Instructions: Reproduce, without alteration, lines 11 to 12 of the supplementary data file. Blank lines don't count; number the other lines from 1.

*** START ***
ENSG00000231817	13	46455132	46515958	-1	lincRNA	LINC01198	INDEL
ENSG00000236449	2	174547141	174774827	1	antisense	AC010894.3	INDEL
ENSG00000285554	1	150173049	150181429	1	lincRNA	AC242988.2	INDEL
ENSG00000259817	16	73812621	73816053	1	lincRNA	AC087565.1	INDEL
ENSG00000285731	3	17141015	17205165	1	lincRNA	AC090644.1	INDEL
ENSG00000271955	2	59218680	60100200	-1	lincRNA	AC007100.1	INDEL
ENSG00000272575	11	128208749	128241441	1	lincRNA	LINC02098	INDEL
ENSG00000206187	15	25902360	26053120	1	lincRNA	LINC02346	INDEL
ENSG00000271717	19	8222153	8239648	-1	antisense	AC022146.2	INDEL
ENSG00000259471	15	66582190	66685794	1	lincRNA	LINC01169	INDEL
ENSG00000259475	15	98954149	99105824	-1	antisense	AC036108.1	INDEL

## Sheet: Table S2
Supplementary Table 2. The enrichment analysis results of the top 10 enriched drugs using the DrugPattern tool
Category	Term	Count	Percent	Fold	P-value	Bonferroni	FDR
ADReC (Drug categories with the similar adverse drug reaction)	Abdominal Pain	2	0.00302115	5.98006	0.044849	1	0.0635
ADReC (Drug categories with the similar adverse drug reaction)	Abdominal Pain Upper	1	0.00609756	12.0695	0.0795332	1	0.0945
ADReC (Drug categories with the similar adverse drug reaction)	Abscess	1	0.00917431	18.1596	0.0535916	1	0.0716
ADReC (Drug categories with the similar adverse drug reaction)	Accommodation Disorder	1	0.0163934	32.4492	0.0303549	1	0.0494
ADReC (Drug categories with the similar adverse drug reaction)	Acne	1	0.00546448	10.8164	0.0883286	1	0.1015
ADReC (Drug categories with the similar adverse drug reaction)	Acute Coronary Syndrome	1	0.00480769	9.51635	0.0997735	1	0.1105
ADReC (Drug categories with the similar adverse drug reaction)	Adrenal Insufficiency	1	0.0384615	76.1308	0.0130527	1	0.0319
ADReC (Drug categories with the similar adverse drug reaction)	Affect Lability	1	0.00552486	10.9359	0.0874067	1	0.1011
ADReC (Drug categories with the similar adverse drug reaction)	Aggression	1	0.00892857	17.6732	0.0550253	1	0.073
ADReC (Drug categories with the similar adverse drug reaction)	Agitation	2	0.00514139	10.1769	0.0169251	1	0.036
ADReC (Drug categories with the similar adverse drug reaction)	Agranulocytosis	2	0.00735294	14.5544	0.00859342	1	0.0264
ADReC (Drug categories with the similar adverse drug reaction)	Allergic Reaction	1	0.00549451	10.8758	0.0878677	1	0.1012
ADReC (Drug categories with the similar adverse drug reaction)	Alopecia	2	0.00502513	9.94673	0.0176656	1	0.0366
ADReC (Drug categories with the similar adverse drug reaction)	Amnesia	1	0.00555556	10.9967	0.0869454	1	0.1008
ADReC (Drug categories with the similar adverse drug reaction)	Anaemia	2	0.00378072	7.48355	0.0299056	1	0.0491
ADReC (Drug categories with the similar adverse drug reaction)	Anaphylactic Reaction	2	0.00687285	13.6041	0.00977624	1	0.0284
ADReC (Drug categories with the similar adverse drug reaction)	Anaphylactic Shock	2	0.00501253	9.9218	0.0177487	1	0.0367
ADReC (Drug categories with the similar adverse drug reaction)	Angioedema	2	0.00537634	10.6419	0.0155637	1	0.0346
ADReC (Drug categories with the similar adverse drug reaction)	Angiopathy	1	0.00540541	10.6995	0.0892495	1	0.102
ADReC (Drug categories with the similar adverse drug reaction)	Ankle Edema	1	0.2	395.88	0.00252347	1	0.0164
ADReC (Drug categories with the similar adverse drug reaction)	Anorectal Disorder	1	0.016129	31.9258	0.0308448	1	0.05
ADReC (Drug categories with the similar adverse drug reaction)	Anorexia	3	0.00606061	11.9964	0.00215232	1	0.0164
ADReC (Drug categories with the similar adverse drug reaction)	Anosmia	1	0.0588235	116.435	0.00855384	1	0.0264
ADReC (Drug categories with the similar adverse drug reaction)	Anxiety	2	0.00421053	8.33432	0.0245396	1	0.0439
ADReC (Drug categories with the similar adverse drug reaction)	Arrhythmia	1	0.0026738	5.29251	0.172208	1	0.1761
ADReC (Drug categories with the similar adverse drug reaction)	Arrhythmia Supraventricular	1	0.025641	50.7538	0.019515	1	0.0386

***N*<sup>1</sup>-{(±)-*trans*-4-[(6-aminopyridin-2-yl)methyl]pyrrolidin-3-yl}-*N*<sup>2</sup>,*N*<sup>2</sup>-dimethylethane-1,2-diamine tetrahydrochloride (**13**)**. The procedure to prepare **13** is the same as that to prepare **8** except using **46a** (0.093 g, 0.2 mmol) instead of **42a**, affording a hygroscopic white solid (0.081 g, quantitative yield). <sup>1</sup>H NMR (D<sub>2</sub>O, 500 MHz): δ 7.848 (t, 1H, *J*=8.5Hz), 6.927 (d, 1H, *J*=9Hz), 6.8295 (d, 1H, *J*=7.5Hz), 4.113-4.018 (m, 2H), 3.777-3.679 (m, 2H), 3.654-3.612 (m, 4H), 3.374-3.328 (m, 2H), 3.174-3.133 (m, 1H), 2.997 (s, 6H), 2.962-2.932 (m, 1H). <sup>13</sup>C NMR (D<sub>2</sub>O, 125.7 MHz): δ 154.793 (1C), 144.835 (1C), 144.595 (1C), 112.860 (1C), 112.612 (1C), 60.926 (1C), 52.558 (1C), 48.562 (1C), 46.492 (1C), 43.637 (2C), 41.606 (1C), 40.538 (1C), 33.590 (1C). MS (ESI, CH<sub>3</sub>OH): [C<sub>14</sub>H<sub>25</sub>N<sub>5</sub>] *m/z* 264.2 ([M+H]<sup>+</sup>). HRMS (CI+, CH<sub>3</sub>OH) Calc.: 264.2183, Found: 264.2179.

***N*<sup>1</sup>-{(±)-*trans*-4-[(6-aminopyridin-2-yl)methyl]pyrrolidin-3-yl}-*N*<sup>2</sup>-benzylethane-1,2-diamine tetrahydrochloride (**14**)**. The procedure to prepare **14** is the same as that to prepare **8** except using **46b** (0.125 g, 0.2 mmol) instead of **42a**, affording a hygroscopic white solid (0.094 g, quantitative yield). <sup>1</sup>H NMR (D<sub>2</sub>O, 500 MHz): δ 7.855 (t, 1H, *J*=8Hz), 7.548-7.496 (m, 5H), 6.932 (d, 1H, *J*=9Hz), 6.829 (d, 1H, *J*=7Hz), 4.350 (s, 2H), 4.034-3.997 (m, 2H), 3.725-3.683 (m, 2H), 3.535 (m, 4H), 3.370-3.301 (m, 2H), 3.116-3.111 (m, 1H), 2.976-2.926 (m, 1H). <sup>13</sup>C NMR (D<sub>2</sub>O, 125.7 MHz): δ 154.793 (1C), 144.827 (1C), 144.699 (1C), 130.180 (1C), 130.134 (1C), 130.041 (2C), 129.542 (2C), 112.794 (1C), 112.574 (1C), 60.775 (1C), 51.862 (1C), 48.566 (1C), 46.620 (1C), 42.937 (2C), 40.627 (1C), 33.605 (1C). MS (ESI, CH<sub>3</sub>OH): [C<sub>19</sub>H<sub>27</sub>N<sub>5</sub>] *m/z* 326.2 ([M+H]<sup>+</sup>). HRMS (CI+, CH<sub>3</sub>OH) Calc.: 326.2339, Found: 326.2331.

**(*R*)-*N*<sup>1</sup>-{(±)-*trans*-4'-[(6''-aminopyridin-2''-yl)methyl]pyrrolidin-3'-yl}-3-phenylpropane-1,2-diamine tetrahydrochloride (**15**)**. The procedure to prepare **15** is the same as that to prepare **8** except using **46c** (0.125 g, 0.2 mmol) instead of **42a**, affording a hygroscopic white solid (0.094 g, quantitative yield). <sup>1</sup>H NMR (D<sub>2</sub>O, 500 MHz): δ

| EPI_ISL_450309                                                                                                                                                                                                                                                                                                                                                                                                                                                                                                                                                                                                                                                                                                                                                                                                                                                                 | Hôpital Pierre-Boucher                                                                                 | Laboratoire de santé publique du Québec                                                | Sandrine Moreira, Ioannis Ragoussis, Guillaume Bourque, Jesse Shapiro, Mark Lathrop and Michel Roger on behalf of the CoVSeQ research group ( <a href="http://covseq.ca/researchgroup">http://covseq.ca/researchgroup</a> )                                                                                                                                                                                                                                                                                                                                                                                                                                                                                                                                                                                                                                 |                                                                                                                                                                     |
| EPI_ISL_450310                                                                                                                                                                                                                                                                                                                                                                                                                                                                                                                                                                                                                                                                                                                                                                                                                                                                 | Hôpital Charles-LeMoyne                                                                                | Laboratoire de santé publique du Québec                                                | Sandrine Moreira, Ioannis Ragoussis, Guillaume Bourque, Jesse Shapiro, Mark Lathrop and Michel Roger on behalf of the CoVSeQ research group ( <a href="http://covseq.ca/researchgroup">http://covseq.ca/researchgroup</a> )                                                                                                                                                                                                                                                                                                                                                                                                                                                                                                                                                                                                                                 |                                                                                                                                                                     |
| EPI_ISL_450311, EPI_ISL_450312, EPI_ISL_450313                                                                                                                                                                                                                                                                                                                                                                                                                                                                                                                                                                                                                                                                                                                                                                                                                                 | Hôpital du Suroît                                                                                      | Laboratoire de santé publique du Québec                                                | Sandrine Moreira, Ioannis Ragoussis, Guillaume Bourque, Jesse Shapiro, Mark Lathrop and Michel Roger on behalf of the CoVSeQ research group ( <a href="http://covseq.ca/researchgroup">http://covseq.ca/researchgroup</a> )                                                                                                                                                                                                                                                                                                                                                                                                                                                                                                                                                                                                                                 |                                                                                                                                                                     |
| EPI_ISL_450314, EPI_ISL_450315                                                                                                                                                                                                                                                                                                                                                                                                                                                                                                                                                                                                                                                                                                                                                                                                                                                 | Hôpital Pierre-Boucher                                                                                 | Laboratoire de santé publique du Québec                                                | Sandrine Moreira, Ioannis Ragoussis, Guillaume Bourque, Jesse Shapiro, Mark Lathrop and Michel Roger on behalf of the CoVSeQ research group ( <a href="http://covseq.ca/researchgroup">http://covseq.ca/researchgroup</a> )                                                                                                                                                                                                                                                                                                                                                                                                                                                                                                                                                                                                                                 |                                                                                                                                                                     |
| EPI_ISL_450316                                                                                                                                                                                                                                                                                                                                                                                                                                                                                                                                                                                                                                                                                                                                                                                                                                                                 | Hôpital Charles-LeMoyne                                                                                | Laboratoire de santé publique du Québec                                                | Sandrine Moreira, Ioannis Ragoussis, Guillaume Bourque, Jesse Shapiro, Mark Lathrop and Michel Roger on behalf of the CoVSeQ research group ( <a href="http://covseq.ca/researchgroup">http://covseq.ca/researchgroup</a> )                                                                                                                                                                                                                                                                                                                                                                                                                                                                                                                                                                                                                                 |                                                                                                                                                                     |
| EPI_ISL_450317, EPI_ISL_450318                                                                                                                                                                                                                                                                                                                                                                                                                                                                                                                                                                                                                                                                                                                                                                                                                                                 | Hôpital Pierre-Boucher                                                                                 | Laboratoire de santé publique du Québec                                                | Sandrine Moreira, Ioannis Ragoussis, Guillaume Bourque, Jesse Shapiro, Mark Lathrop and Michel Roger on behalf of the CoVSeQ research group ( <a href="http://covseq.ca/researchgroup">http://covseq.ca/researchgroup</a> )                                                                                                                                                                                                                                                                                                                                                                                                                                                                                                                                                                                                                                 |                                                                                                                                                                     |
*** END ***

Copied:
ENSG00000259475	15	98954149	99105824	-1	antisense	AC036108.1	INDEL

## Sheet: Table S2